Superstorm Sandy Recovery – Problems with NFIP

Why Sandy Homeowners Were Left In The Lurch. This is one effort to explain the many problems with the National Flood Ins. Program and what FEMA’s remedial actions are so far.

Thanks to Bill Cumming for the citation.

| Tagged | 1 Comment

Aerial Views of Recovery in Christchurch

Aerial Views of Christchurch Since the Earthquakes.

Interesting panoramic views of Christchurch , NZ before and after the devastating earthquake a few years ago.

Thanks to Ian McLean for the link.

| Leave a comment

Mental Health Needs Post Quakes in Nepal

It is quite predictable that the two big earthquakes that were a catastrophe for Nepal caused not only deaths, injuries, and huge property damage, but left a large wake of mental health needs. And note that both victims and responders needed help.

The Nepal earthquakes have unleashed a mental health disaster
“There’s a less visible tragedy going on in Nepal: the unravelling trauma of the survivors and aid workers, which will continue long after the media has left.”

| Leave a comment

Costco Volume Purchase Program

This is not a commercial, but just a mention of a way to get large quantities of needed supplies when disaster strikes.  I got this posting from Eric Holdeman’s blog.

| Leave a comment

“Science-Based Response Lacking in Chemical Disasters”

See this new report from Purdue University: Studies: Science-based response lacking in chemical disasters. Three new studies suggest that when communities are hit with disasters that contaminate drinking water the official decision-making and response often lack scientific basis. Some details:

The result has been an inability to fully anticipate public health risks and effectively rid plumbing systems of contaminants, sometimes exposing residents to toxic chemicals, said Andrew Whelton, an assistant professor in Purdue University’s Division of Environmental and Ecological Engineering and Lyles School of Civil Engineering.

Since 2014 more than 1.5 million people across the nation have received drinking water tainted with crude oil, diesel fuel, algal toxins and coal-washing chemicals.

“Numerous contamination incidents have been caused by chemical spills from storage tank ruptures, pipeline breaks, rail car and truck accidents, as well as algal blooms,” Whelton said.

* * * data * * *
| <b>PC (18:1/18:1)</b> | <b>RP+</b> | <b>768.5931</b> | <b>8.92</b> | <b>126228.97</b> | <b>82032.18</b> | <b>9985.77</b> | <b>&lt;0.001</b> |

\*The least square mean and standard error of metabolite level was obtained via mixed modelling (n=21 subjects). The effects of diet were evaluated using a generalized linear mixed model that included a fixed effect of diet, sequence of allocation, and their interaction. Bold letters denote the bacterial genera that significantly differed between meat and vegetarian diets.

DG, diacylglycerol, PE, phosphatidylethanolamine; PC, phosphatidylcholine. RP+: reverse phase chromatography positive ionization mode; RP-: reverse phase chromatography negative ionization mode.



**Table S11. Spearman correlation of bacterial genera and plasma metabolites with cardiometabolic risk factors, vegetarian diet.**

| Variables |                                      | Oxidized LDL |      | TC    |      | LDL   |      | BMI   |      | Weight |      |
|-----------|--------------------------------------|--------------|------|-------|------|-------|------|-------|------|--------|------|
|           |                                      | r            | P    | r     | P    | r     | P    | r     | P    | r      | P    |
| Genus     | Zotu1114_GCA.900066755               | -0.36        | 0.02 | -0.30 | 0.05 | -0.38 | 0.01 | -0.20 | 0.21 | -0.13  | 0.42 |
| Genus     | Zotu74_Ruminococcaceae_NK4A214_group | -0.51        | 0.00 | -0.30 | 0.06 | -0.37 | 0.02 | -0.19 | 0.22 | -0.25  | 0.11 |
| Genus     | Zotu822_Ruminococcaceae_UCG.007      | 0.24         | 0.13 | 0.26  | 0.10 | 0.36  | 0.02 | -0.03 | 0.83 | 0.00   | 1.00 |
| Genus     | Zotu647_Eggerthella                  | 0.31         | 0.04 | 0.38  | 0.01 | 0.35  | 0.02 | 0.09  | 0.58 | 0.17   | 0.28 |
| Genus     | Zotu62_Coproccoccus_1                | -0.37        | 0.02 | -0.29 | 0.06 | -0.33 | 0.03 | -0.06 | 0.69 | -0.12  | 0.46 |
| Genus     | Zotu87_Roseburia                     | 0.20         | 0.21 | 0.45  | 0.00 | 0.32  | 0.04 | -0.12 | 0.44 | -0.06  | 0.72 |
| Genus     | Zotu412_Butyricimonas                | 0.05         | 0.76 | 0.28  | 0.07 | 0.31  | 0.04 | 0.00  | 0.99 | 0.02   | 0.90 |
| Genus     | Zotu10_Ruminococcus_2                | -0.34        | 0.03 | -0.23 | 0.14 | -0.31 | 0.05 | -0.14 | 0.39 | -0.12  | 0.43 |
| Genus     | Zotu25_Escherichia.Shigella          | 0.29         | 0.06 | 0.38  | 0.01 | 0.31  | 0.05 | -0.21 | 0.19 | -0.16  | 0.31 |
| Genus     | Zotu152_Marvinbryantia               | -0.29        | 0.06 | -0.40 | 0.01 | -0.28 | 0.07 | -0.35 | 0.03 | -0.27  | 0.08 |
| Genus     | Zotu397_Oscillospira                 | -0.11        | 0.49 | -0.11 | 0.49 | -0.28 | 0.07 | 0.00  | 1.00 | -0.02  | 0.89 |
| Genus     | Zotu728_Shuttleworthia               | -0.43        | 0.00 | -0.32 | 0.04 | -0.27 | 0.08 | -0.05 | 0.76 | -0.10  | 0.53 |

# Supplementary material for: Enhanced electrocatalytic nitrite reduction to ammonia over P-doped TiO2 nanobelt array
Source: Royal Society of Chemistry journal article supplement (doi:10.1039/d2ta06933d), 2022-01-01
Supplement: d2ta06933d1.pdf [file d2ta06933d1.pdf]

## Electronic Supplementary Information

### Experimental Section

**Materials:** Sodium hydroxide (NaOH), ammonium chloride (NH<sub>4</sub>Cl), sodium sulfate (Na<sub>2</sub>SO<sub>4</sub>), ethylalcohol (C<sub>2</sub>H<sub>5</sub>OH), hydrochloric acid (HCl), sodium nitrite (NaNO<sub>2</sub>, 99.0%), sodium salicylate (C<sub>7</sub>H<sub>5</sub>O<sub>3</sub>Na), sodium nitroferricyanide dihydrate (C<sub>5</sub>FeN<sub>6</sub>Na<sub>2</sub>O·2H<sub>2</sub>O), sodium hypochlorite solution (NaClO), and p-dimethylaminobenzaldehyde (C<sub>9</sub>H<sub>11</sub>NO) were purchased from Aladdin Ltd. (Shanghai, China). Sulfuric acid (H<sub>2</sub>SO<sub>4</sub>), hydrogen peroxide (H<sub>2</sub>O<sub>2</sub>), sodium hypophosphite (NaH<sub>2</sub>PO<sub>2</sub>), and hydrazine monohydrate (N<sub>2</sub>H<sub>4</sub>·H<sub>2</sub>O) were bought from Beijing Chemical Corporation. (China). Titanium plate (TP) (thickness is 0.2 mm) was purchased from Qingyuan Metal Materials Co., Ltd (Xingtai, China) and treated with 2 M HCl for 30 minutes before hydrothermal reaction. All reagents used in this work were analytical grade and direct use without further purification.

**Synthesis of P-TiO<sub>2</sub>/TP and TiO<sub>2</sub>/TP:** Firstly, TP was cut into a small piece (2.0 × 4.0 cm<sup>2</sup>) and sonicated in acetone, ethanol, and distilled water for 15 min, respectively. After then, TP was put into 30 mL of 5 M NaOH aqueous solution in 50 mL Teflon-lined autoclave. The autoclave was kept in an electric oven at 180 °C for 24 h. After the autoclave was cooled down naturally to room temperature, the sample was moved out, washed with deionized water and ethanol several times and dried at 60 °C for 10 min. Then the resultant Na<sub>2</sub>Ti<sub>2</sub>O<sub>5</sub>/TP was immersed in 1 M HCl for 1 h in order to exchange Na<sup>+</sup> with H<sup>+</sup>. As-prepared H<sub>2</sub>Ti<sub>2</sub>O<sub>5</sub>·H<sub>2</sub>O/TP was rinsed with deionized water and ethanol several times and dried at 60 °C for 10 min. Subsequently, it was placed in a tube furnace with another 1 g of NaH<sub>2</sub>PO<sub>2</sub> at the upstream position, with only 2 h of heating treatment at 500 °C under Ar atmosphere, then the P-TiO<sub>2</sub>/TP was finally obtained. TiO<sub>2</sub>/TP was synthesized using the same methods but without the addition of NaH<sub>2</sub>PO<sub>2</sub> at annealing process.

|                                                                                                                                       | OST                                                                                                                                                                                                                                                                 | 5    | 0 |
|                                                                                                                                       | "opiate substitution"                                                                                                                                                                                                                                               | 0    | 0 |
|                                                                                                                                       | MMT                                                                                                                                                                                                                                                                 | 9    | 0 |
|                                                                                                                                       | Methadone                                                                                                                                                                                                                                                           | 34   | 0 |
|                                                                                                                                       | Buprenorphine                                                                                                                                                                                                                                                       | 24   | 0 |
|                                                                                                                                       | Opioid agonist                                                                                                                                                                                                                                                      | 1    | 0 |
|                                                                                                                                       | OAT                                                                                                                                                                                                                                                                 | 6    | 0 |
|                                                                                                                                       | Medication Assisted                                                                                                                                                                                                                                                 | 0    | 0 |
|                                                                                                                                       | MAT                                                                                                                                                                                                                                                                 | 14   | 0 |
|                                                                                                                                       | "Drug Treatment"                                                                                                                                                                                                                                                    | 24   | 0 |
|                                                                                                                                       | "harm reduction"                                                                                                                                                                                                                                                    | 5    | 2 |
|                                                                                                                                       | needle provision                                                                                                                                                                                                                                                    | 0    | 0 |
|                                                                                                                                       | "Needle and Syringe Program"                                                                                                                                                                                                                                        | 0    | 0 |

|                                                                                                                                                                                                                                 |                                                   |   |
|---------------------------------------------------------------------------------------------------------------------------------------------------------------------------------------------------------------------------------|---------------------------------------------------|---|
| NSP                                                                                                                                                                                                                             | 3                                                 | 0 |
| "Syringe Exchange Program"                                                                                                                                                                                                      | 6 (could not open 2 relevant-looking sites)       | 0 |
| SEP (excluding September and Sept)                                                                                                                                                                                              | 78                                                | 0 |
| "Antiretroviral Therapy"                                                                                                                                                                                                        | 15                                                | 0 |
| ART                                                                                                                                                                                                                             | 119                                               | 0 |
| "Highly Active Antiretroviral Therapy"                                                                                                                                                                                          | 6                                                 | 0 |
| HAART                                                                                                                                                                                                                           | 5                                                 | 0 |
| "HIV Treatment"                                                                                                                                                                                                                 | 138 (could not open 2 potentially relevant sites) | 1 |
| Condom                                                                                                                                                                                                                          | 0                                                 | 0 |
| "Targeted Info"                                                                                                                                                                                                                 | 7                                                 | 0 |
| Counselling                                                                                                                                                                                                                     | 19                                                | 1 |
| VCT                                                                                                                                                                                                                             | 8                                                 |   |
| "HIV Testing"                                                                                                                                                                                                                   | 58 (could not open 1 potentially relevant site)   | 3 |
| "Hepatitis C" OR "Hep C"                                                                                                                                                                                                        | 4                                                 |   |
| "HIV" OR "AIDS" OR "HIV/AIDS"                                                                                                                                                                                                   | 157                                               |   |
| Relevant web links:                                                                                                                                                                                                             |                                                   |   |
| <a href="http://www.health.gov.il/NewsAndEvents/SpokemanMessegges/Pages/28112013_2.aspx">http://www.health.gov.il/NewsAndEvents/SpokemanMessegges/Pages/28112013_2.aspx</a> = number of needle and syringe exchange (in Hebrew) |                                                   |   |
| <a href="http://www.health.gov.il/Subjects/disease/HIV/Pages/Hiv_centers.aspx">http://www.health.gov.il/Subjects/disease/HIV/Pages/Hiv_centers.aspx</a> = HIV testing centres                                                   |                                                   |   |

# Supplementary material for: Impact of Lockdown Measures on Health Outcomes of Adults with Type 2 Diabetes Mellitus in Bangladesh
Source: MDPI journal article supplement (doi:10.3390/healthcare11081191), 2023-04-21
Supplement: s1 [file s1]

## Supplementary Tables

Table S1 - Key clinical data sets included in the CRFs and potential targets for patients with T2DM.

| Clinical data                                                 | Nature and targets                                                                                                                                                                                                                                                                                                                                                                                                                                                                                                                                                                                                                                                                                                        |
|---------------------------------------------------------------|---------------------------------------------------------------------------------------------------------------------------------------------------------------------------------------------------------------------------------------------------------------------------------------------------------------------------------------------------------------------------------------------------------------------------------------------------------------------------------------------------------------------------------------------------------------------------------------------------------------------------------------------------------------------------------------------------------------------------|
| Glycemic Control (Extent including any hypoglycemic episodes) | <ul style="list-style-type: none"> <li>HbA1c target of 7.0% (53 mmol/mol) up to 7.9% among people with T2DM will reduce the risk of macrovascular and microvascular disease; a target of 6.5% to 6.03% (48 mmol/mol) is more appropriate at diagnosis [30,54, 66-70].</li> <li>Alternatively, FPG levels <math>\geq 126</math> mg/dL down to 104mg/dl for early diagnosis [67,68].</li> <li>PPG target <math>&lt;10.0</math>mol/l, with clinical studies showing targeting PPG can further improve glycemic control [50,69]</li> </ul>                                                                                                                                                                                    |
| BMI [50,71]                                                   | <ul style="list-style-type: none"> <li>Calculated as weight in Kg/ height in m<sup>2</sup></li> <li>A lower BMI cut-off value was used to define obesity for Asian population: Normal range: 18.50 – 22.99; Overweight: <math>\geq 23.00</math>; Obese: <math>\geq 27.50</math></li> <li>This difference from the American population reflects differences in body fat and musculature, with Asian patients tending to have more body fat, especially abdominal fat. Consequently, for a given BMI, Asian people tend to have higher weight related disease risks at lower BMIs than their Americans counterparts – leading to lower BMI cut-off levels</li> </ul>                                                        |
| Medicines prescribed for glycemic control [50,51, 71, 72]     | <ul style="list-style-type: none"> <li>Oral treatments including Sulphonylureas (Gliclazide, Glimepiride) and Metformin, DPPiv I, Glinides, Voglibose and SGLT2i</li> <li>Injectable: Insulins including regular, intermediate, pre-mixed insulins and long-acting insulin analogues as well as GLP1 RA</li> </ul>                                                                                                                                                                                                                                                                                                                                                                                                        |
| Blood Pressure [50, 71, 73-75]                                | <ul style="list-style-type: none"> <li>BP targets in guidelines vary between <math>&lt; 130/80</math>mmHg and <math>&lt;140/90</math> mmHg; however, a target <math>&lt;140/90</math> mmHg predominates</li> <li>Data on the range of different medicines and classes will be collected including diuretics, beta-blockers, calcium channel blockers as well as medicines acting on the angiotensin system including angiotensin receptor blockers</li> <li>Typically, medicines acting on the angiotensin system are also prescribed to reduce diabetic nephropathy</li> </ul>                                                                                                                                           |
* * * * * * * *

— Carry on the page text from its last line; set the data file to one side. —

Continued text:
His team has been examining recent disasters in which tainted drinking water was distributed to homes. The goal is to develop techniques and tools to help communities respond more effectively, said Whelton, who will discuss some of the results of three studies on Wednesday (May 13) during the American Water Works Association Central District spring meeting in Danville, Indiana.

Some of the drinking water catastrophes studied were a January 2014 chemical spill in West Virginia; an August 2014 toxic algal bloom in Western Lake Erie; a December 2014 accident involving a petroleum-based solvent in Washington, D.C.; a January 2015 crude oil pipeline accident in Glendive, Montana; and an April 2015 diesel spill in Nibley City, Utah

Posted in Hazardous Materials | Leave a comment

The Diva Has Been Diverted this Week

The Diva is busy working on her other blog site: www.disastersandfaith.com, in connection with a workshop she is assisting with.

As part of its outreach to local houses of worship, Arlington County, VA is holding a workshop next week to help them improve their preparedness and response to emergencies and disasters.  In that regard, she welcomes comments and additions to the blog site noted above.

| Leave a comment

Reforming US Disaster Policy to Prepare for a Riskier Future

I just came across a paper titled Bracing for the Storm; How to Reform U.S. Disaster Policy to Prepare for a Riskier Future.  It does not list the authors and it does not say anything about the sponsoring organization, SmarterSafer.org. So, I  checked on the organization, and it an interesting amalgamation of many serious environmental and professional organizations.

It is an interesting, crisply written document of 21 pages that would useful to newcomers to the field. My reaction was sadness: I have heard most of the points made for almost 4 decades.  Promoting mitigation and encouraging reform to the NFIP are just two of the long-term issues that do not get repaired, decade after decade.

I welcome comments and indications that we are making progress.

| Leave a comment